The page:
While some businesses have reiterated their public support for the rule of law and human rights, and cut ties with the junta in the aftermath of the 1 February coup, many continue to engage in business with the military as if nothing has happened, Tom Andrews, UN Special Rapporteur on the situation of human rights in Myanmar, and members of the Working Group on Business and Human Rights, said in a news release.
As military leaders are intensifying their campaign of repression, companies must act in line with the Guiding Principles on Business and Human Rights to avoid contributing to human rights violations, or becoming complicit in crimes if they continue to operate in the country, the experts highlighted.
Surya Deva, Vice-Chair of the Working Group, said that because “the risk of gross human rights violations has greatly increased in Myanmar, action by States and human rights due diligence by business, and investors, should be rapidly and proportionately heightened”.
“Businesses, both individually and collectively, should exert the maximum leverage on the military in Myanmar to halt what the High Commissioner for Human Rights has said may amount to crimes against humanity”, Special Rapporteur Tom Andrews added.
Into its fourth month, the crisis in Myanmar – marked by near daily pro-democracy protests and a brutal crackdown by security forces – has reportedly claimed at least 782 lives. Countless more have been wounded and over 3,700 people are in detention, including many in situations that may amount to enforced disappearances.
Furthermore, over 1,500 arrest warrants have been issued against civil society activists, journalists, academics and others who oppose the coup, and military authorities are reportedly taking relatives of wanted people into custody to force them to turn themselves in.
“The revenues that the military earns from domestic and foreign businesses substantially enhances its ability and capacity to carry out these grave violations”, Mr. Andrews said.
A 2019 report by the Independent International Fact-Finding Mission on Myanmar outlined several economic interests of the military in the country, including links with private and foreign companies and conglomerates.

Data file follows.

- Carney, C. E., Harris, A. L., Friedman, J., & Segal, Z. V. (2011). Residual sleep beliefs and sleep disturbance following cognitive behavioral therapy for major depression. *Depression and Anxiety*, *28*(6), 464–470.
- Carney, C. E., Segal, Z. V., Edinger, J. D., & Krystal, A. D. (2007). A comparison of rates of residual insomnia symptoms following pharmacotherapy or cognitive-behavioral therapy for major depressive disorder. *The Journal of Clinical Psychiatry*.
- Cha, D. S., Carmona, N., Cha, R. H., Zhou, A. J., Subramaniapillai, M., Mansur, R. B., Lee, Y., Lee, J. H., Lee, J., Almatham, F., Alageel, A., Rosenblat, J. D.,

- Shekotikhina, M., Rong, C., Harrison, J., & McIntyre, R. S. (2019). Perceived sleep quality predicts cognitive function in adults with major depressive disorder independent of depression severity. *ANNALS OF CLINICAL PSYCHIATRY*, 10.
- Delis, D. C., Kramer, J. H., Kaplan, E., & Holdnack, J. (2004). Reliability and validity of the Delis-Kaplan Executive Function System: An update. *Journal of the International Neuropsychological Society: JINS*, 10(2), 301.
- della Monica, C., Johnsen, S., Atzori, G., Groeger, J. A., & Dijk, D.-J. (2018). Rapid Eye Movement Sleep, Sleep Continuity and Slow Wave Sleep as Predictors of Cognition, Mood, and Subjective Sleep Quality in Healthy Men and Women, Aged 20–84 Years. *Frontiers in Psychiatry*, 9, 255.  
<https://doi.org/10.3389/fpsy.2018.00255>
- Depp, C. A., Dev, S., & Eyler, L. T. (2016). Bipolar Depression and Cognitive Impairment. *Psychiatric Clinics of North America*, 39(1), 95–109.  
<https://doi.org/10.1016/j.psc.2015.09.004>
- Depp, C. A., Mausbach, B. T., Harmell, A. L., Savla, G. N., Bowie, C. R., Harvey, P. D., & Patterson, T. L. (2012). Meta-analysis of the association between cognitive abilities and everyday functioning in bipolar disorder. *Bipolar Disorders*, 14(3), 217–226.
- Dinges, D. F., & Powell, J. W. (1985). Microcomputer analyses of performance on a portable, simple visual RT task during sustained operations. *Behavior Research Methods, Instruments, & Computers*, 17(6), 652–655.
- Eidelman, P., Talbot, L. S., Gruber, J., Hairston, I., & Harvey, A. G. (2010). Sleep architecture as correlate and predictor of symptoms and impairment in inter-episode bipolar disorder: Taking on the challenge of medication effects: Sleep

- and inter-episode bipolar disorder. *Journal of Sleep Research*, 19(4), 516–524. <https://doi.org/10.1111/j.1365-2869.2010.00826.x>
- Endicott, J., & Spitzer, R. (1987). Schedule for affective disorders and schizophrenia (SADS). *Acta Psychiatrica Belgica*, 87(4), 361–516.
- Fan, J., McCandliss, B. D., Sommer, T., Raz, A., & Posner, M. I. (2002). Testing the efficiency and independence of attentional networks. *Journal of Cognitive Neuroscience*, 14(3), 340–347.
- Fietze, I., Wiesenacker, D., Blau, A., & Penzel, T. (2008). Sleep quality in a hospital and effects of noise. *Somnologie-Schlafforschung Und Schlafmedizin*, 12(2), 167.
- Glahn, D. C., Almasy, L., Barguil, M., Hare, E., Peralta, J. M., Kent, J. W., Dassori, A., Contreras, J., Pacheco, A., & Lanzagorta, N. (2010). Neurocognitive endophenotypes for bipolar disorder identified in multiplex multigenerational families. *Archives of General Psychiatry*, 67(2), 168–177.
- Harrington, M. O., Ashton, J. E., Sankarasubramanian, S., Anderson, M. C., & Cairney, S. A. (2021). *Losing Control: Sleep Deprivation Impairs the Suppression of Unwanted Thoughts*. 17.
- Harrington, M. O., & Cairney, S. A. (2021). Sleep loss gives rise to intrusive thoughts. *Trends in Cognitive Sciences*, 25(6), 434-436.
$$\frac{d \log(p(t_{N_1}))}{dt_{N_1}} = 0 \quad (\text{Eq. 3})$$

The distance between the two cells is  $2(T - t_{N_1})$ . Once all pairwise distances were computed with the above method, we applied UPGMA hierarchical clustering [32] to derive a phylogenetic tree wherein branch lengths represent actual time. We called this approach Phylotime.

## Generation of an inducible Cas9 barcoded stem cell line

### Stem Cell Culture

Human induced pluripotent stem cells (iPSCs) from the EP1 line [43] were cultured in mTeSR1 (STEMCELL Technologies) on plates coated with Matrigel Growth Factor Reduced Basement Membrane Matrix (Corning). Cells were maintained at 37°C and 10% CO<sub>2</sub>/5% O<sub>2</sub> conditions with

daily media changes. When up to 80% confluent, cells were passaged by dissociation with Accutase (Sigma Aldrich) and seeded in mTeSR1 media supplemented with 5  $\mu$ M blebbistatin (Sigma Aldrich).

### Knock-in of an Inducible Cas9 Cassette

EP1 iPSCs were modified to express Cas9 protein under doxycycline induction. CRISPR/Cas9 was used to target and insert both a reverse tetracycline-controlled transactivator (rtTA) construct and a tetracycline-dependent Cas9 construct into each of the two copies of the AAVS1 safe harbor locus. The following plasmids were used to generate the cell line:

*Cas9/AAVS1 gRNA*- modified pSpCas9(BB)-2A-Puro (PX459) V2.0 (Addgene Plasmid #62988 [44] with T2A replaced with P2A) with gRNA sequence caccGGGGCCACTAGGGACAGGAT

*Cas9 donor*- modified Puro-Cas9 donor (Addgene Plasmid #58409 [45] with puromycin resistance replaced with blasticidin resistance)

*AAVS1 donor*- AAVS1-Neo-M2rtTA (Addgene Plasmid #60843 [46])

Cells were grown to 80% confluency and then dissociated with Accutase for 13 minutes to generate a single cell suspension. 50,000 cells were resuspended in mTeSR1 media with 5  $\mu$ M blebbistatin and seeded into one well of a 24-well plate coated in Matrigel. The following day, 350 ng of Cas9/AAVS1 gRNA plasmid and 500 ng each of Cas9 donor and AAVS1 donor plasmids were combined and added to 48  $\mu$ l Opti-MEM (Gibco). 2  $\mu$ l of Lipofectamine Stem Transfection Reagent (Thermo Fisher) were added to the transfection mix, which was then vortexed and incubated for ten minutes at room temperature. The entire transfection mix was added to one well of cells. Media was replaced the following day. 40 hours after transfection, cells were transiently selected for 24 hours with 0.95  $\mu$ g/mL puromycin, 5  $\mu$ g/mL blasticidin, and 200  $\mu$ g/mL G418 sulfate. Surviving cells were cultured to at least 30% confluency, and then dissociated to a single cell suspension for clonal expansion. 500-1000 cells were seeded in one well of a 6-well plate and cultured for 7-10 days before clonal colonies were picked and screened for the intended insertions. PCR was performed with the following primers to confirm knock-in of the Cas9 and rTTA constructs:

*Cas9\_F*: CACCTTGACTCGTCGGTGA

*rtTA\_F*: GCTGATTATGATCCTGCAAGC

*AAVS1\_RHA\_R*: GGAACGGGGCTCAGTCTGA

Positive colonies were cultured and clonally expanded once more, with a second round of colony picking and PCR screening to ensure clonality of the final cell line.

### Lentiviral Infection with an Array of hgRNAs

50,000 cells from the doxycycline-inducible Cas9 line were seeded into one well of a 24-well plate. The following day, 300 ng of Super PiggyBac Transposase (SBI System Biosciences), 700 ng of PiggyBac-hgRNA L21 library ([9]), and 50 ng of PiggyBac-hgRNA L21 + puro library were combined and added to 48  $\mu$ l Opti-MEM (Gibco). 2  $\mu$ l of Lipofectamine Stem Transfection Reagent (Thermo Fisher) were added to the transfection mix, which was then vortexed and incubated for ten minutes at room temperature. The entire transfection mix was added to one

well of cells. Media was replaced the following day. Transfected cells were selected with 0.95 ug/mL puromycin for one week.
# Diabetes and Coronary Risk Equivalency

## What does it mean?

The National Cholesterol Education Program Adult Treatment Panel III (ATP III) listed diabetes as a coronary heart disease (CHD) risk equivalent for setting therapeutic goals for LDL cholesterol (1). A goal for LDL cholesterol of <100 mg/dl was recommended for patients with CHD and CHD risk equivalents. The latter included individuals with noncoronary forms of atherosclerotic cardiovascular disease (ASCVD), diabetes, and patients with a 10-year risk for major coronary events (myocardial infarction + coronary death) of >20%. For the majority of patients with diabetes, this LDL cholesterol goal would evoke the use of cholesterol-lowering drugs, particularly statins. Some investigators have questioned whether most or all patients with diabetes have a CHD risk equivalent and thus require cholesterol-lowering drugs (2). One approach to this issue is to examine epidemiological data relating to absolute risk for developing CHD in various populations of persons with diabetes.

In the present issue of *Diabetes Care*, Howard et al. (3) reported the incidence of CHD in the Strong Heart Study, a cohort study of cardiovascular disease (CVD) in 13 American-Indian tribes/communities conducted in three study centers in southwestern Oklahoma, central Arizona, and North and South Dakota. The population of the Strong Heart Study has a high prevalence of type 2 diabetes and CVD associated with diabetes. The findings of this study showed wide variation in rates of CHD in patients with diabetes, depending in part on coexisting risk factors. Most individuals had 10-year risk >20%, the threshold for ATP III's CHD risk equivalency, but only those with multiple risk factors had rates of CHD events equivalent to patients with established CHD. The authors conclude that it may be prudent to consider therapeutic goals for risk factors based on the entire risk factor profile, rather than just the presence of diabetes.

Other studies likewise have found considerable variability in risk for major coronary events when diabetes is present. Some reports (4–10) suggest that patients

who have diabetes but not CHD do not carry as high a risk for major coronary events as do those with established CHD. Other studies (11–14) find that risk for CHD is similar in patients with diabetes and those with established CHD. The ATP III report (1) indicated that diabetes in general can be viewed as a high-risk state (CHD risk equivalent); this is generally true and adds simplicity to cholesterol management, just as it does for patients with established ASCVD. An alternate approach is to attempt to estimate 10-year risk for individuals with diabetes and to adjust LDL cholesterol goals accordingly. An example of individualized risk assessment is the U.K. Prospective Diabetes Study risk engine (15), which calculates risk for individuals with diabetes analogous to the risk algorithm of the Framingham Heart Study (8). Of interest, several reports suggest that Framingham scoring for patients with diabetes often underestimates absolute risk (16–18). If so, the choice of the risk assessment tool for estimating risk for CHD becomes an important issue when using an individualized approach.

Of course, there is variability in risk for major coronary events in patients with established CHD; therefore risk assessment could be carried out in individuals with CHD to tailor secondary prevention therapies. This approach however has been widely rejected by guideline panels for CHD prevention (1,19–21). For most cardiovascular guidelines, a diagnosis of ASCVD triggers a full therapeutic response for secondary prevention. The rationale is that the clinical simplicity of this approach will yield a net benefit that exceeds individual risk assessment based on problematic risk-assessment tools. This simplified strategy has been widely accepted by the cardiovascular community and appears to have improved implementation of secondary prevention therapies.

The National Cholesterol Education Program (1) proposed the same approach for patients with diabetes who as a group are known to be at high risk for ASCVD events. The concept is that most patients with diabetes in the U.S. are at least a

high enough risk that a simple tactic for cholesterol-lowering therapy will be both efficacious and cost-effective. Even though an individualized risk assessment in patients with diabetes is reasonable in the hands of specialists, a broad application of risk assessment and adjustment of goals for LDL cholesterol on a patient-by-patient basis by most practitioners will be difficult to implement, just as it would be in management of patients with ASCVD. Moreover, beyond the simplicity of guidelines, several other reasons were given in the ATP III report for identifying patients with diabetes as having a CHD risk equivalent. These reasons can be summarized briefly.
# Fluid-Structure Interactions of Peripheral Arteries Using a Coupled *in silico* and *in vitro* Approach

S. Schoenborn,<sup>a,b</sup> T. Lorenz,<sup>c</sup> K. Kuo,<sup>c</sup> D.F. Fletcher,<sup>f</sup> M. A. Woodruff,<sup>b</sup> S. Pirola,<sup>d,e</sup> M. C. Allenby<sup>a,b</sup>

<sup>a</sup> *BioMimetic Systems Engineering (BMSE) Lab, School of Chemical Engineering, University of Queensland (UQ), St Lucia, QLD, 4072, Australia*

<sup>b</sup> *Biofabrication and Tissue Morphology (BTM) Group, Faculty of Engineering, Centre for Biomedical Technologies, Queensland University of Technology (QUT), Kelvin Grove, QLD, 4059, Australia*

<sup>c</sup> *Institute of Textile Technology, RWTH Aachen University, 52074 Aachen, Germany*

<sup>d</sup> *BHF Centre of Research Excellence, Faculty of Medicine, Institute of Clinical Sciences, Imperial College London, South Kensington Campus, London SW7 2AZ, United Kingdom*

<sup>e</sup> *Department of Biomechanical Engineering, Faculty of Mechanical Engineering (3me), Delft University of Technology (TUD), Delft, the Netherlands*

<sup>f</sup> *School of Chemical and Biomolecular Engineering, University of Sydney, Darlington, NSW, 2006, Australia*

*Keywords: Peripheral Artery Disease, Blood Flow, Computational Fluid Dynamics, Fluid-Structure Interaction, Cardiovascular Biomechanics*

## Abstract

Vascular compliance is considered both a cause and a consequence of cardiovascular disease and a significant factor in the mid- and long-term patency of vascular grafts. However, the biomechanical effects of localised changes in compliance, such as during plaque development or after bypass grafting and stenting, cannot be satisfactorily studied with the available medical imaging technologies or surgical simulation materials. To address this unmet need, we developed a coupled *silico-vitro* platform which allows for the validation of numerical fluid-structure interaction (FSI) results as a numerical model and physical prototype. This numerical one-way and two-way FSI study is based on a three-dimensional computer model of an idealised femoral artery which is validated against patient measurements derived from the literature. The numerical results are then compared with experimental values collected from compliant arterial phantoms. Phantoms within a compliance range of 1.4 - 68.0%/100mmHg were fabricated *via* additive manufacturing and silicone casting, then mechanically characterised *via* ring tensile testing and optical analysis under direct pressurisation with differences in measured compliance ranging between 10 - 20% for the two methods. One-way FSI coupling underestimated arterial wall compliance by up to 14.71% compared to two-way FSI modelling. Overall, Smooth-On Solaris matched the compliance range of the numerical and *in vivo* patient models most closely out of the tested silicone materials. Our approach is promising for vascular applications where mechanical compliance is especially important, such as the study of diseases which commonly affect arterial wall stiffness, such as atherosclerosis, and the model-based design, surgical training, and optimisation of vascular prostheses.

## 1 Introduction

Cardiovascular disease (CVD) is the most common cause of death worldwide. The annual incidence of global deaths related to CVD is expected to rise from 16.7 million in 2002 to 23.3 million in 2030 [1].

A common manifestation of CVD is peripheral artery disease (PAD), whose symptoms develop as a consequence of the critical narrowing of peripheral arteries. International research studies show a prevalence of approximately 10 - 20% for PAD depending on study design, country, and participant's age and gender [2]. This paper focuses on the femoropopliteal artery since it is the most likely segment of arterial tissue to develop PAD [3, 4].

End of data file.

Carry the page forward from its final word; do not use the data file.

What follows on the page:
In it, the Mission concluded that no business should enter into an economic or financial relationship with the security forces of Myanmar, in particular the Tatmadaw (as its military is known), or any enterprise owned or controlled by them or their individual members, until and unless they are restructured and transformed.
Suspend operations or consider exit
The experts also reiterated the Human Rights Council’s call for home States of businesses investing in Myanmar in any way, to take appropriate measures so that those businesses ensure their activities do not cause or contribute to rights violations.
Businesses which continue to operate in Myanmar should take all possible measures to protect their employees, support the exercise of all human rights by citizens, including the right to peaceful protests, and speak up to preserve civic space and the independence of the media, they said.
“There may come a point at which businesses might need to suspend operations or even consider exit from the country if risks of involvement in human rights abuse cannot be reasonably managed, while doing so in a manner to safeguard the well-being of workers and affected communities”, Mr. Deva said.
The Special Rapporteurs and Working Groups are part of what is known as the Special Procedures of the Human Rights Council. The experts work on a voluntary basis; they are not UN staff and do not receive a salary. They are independent from any government or organization and serve in their individual capacity.